Like a lot of pregnant women, Christine Kaineg carries a bag of supplies to get her through the day: Granola bars for hunger, a big bottle of Tums and a new staple – mosquito repellent.
Almost eight months pregnant, the mother-to-be has read about babies born with severe brain abnormalities in Brazil and other countries where birth defects have been linked to the mosquito-borne Zika virus.
With mosquito season underway, Kaineg is not taking any chances.
“I know it’s not in the area,” said Kaineg, who lives in Alexandria, Virginia, and works for a federal contractor. “But I also don’t want to be Patient A at such a critical time in my life.”
A lot of other East Coast residents are taking precautions: mosquito-control companies say business is booming.
Kevin Wilson, chief executive of Mosquito Joe, said the company’s locations in the South, where mosquito season started this winter, have reported more than a 50 percent jump in new customers compared with last year. Mosquito Joe franchises in the Washington, D.C., area have seen a 32 percent increase.
“The real sign will be in June and July, when the kids are out of school and start getting bit,” Wilson said. “That’s when we’ll see the uptick in volume.”
Public health officials say there is good reason for concern. The Asian tiger mosquito, the most common species in the Washington region, has been found to carry Zika in other countries. Moreover, experts say, mosquitoes rev up just as summer vacations are set to begin, and the Washington area typically sees robust travel to the Caribbean and Latin America – all places with locally transmitted Zika.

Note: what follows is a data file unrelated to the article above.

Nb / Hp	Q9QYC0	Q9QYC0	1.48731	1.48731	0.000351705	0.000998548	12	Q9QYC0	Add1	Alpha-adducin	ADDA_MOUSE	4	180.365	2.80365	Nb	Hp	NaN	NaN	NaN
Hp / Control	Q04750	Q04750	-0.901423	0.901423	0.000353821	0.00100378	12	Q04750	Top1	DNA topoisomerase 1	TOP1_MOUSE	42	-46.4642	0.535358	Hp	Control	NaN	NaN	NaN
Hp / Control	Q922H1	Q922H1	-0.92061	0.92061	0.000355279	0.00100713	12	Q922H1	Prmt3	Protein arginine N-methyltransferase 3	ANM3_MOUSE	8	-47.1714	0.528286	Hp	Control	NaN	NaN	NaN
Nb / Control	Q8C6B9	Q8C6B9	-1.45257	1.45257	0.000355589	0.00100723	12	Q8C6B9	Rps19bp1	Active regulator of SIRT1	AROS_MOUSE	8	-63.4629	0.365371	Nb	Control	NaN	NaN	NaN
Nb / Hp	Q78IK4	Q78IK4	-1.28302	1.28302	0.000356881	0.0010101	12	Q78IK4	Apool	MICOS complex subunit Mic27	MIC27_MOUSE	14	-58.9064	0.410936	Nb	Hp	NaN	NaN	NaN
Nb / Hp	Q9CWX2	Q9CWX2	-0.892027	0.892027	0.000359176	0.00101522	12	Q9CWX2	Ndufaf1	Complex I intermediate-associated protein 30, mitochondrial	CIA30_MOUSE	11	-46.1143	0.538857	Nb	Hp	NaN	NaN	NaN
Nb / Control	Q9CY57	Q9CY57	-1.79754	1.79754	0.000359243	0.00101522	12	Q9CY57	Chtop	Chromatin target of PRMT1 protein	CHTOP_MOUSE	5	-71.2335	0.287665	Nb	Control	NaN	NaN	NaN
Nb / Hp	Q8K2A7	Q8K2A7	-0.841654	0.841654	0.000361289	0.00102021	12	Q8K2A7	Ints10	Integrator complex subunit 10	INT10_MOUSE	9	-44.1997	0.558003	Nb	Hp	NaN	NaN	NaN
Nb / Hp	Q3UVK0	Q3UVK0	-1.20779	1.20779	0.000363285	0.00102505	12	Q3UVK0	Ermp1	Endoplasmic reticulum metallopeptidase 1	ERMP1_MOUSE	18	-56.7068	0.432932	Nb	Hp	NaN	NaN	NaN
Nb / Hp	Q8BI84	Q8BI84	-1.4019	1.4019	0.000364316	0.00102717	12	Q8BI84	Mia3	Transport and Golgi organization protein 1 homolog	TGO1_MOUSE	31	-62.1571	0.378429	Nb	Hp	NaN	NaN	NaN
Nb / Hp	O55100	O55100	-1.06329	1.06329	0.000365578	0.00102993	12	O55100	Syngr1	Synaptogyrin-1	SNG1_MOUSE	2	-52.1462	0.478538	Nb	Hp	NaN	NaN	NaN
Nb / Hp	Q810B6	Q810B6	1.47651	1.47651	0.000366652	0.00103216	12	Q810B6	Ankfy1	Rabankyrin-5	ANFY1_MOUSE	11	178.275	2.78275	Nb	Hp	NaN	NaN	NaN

Although there have been no confirmed cases of mosquito-transmitted Zika in the continental United States, officials say, the start of mosquito season this month has significantly increased the chances.
Also, a string of rainy days in the East has left behind soggy yards – prime environments for female mosquitoes to lay hundreds of eggs each.
Health officials say they do not want to spread alarm, but they are urging pregnant women and everyone else to help prevent Zika by ridding their yards of standing water and wearing mosquito repellent daily.
“We don’t know if it will ever come to our local mosquito population, but we do know if it does come, bad things can happen – so we want to prepare for the worst,” said David Goodfriend, director of the Loudoun County, Virginia, Health Department. “If all that comes out of it is fewer people get bitten, that’s a good thing. And if it does come here, [prevention efforts] will be critical.”
As of May 11, the continental United States had 503 confirmed Zika cases, according to the Centers for Disease Control and Prevention. All involve people who traveled to Zika-affected countries.
Until this month, cases were not considered a public health threat because there were so few mosquitoes to spread the virus. Now that the Asian tiger mosquito has taken flight, concern is mounting, particularly for pregnant women.
Ulder Tillman, health officer for Montgomery County, Maryland, said the Washington region has the “setup for the likelihood of local transmission.”